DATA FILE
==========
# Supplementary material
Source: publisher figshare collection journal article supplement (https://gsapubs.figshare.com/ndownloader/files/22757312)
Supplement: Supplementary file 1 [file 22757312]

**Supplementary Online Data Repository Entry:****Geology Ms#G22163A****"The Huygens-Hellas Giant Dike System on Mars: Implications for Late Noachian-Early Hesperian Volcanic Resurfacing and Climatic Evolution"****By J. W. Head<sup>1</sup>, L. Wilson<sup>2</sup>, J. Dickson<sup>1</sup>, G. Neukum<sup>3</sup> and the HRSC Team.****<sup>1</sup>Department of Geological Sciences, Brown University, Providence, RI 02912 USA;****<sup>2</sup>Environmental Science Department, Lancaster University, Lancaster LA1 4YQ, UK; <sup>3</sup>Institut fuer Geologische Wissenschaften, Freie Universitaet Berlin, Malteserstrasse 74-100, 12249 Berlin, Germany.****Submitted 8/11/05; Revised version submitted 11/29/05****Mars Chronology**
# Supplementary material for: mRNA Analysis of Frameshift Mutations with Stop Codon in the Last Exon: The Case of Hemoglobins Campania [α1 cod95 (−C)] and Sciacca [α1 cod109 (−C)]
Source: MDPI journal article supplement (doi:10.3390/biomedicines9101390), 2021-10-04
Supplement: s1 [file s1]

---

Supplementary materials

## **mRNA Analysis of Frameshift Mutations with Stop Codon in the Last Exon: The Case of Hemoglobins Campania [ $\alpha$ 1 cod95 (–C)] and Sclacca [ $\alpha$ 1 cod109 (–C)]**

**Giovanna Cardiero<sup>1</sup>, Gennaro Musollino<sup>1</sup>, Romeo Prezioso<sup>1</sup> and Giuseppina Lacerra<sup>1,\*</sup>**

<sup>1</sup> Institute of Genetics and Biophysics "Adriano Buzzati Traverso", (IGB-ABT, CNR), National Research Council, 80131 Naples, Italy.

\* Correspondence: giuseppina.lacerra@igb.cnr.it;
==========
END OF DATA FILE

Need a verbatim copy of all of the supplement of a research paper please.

# Supplementary material
Source: publisher figshare collection journal article supplement (https://gsapubs.figshare.com/ndownloader/files/22757312)
Supplement: Supplementary file 1 [file 22757312]

**Supplementary Online Data Repository Entry:****Geology Ms#G22163A****"The Huygens-Hellas Giant Dike System on Mars: Implications for Late Noachian-Early Hesperian Volcanic Resurfacing and Climatic Evolution"****By J. W. Head<sup>1</sup>, L. Wilson<sup>2</sup>, J. Dickson<sup>1</sup>, G. Neukum<sup>3</sup> and the HRSC Team.****<sup>1</sup>Department of Geological Sciences, Brown University, Providence, RI 02912 USA;****<sup>2</sup>Environmental Science Department, Lancaster University, Lancaster LA1 4YQ, UK; <sup>3</sup>Institut fuer Geologische Wissenschaften, Freie Universitaet Berlin, Malteserstrasse 74-100, 12249 Berlin, Germany.****Submitted 8/11/05; Revised version submitted 11/29/05****Mars Chronology**
# Supplementary material for: mRNA Analysis of Frameshift Mutations with Stop Codon in the Last Exon: The Case of Hemoglobins Campania [α1 cod95 (−C)] and Sciacca [α1 cod109 (−C)]
Source: MDPI journal article supplement (doi:10.3390/biomedicines9101390), 2021-10-04
Supplement: s1 [file s1]

---

Supplementary materials

## **mRNA Analysis of Frameshift Mutations with Stop Codon in the Last Exon: The Case of Hemoglobins Campania [ $\alpha$ 1 cod95 (–C)] and Sclacca [ $\alpha$ 1 cod109 (–C)]**

**Giovanna Cardiero<sup>1</sup>, Gennaro Musollino<sup>1</sup>, Romeo Prezioso<sup>1</sup> and Giuseppina Lacerra<sup>1,\*</sup>**

<sup>1</sup> Institute of Genetics and Biophysics "Adriano Buzzati Traverso", (IGB-ABT, CNR), National Research Council, 80131 Naples, Italy.

\* Correspondence: giuseppina.lacerra@igb.cnr.it;